Fishing with Explosives: Over-fished reefs and desperate fishermen produce a deadly combination when reefs are dynamited to harvest small fish. Fisherman prepare bombs made out of materials such as potassium nitrate (a common fertilizer) to cause large explosions which kill all the fish in the surrounding area and reduce nearby coral to lifeless rubble.

Cyanide Fishing: Commercial fishing fleets often use cyanide and other poisons to stun and capture valuable reef fish. This method is often used to catch tropical fish for aquariums and is now used to capture fish for "live fish" restaurants. This fishing technique poisons not only the fish, but the coral polyps and other creatures in the area as well. In the Philippines, up to 200E6 kg of cyanide are sprayed and dumped onto the reefs each year – with the net result that less than 10% of the coral reefs in this area remain healthy.

Collection and Dredging: Removing coral to be used for construction material or sold as souvenirs also threatens coral reefs (Sri Lanka and the Philippines).

Water pollution: Petroleum products and other chemicals dumped near coastal waters eventually find their way to the reefs. Oil and gas leaked or spilled near a coral reef poison coral polyps and other marine life.

Trash dumped into the water can also kill coral reef life. Plastic bags get caught in the stomachs of turtles (mistake them for jellyfish) and fish, causing them to starve to death. Trash can also cover coral reefs, blocking off the sunlight needed to keep the reefs alive. Lost or discarded fishing nets - called "ghost nets" - can snag on reefs and strangle to death thousands of fish that get caught in them.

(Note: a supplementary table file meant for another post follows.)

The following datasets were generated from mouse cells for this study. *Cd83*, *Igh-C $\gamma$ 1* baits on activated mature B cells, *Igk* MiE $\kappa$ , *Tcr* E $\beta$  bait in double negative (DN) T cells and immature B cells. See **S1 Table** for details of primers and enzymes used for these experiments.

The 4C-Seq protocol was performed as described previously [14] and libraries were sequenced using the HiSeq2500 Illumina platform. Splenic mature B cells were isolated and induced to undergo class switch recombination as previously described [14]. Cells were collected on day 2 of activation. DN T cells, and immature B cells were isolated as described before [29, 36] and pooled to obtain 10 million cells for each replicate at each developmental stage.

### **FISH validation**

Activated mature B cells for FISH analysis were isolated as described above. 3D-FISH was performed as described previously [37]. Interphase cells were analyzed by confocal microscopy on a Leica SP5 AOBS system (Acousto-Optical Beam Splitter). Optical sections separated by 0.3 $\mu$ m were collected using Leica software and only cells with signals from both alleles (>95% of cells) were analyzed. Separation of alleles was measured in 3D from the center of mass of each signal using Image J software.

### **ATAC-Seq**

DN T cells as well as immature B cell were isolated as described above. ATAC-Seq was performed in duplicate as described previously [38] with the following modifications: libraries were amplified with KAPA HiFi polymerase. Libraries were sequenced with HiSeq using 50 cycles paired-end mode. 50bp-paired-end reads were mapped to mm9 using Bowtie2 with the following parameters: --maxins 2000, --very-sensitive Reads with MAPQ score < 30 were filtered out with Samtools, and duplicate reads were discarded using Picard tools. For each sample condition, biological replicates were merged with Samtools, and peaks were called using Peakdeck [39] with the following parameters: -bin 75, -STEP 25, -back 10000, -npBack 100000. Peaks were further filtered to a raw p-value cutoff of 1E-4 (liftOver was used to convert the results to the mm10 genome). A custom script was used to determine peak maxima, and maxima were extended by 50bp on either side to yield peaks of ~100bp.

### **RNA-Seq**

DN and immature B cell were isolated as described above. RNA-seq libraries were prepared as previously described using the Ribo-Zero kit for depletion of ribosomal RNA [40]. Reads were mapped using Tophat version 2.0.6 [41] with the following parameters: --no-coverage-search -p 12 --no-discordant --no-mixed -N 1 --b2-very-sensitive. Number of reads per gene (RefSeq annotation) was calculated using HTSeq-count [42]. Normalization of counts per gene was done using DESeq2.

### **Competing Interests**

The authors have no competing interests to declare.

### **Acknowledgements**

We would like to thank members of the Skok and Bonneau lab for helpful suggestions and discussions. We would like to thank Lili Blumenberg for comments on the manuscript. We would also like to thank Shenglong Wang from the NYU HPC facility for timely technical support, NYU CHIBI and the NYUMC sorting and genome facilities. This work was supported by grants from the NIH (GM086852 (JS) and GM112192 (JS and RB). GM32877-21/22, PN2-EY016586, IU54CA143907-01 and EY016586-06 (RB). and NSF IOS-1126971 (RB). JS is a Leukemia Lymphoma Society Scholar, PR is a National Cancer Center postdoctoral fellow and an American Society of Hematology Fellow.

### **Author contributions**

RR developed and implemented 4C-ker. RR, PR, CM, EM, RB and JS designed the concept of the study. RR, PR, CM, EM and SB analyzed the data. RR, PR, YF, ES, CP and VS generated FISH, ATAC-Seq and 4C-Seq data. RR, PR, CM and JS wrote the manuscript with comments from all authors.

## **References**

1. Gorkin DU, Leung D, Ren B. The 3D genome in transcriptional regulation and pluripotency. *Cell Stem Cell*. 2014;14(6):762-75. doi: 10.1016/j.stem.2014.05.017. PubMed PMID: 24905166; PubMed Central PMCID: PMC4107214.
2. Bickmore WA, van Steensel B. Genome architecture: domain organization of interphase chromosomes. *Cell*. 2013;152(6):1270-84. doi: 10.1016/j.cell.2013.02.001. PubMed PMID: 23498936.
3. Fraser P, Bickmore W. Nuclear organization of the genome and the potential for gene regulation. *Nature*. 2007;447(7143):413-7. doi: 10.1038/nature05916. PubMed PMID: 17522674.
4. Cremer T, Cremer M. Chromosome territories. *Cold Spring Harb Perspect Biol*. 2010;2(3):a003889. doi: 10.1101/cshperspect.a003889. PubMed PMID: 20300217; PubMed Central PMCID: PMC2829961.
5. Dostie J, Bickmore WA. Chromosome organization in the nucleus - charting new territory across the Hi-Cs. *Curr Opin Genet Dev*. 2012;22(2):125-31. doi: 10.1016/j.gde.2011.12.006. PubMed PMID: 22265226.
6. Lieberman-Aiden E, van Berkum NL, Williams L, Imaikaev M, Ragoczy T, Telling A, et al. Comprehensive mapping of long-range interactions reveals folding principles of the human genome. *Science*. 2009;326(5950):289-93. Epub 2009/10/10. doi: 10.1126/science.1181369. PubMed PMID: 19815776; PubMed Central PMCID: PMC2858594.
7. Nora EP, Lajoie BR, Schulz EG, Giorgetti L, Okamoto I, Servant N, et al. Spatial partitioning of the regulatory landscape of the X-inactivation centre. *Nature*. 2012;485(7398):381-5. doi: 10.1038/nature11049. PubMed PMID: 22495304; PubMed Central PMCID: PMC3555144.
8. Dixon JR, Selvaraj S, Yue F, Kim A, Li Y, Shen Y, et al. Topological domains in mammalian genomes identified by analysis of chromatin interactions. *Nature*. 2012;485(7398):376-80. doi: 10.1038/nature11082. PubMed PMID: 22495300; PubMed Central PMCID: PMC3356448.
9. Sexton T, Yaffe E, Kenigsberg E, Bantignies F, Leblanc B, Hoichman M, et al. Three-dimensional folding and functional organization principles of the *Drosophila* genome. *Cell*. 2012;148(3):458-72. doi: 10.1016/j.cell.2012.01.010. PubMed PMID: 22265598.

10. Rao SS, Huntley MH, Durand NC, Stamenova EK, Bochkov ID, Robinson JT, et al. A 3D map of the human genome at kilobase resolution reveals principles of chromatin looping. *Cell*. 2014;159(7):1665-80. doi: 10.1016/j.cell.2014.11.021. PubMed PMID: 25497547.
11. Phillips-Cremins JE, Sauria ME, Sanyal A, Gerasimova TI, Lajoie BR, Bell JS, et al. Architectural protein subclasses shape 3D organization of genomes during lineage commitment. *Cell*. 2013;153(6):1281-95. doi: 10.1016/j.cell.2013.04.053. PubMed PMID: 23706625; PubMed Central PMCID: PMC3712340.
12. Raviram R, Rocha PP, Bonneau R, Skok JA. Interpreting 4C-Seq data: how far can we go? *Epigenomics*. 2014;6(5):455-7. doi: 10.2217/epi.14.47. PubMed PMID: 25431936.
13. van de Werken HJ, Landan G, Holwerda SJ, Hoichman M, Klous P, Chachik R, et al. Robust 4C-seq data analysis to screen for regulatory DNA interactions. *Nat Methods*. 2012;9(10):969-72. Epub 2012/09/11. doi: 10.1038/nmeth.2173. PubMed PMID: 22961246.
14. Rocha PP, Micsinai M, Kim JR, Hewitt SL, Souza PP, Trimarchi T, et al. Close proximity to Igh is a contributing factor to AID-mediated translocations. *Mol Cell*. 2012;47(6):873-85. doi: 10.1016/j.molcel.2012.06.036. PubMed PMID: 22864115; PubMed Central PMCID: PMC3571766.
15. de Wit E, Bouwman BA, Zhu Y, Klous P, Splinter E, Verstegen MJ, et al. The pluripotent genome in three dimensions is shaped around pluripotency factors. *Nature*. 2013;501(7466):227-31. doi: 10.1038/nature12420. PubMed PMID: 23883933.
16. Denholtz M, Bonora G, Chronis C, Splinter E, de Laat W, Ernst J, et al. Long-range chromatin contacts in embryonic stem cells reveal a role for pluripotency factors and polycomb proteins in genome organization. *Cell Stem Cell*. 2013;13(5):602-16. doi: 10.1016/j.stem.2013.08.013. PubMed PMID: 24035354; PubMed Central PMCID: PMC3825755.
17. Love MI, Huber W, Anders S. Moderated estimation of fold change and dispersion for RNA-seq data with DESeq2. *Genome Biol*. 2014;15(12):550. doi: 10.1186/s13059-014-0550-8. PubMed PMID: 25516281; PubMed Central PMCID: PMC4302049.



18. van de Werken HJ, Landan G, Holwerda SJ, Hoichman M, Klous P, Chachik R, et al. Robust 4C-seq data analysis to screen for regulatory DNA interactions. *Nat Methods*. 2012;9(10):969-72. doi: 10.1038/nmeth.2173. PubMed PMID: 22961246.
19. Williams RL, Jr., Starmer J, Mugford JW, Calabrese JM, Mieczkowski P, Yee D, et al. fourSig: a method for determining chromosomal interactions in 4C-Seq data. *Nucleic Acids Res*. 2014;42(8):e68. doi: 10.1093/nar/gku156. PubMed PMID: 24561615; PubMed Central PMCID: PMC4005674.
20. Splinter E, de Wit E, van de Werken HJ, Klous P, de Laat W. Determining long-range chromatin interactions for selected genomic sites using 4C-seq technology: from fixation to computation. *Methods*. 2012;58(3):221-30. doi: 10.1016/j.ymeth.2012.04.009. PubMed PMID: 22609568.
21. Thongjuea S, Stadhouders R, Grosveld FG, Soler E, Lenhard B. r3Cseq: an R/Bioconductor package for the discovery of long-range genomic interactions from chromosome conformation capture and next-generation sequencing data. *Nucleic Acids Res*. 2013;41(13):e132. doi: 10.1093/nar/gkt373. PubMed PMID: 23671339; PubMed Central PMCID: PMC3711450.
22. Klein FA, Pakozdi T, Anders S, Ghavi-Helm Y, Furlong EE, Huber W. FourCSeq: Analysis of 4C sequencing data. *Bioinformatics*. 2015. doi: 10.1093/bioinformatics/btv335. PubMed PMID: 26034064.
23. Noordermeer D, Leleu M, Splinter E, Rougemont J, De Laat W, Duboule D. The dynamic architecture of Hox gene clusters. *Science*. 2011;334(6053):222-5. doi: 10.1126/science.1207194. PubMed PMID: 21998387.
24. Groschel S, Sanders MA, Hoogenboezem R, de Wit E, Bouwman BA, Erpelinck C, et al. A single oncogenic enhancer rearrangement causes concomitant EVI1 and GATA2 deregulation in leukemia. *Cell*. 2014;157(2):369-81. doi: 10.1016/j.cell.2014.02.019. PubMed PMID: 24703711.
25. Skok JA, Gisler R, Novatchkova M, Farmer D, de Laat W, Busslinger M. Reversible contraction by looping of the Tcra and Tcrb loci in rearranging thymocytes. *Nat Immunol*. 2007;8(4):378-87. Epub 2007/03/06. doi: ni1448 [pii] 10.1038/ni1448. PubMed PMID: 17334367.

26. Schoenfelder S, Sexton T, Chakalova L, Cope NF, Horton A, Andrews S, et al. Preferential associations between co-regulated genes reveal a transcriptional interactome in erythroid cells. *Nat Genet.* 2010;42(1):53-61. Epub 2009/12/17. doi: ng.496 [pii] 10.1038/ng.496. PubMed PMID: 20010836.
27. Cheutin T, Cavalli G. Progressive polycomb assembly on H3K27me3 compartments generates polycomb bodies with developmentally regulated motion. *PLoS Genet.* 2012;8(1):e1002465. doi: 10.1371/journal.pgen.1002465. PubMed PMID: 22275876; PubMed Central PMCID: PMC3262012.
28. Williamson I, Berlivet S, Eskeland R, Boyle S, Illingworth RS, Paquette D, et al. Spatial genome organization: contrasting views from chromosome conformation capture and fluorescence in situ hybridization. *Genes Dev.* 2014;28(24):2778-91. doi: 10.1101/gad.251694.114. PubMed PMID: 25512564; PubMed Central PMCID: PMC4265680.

Human Run-off: Fertilizers and sewage dumped into coastal waters encourage rapid algae growth which chokes coral polyps, cutting off their supply of light and oxygen. Over-fishing makes this problem even worse because the fish that would normally eat the algae have been captured and killed.

Careless recreation: Careless boating, diving, fishing, and other recreational uses of coral reef areas can cause damage to coral reefs. Dropping anchors onto reefs can crush or break coral. When people grab, kick, walk on, or collect coral, they also contribute to coral reef destruction.

Global warming: Coral reefs are also threatened by global warming. There has been an unprecedented increase in the number of coral bleaching events during the past 2 decades (which have had some of the warmest years in history). When ocean temperatures get too high, coral polyps lose the symbiotic algae inside them, causing them to turn white, or "bleach," and eventually die.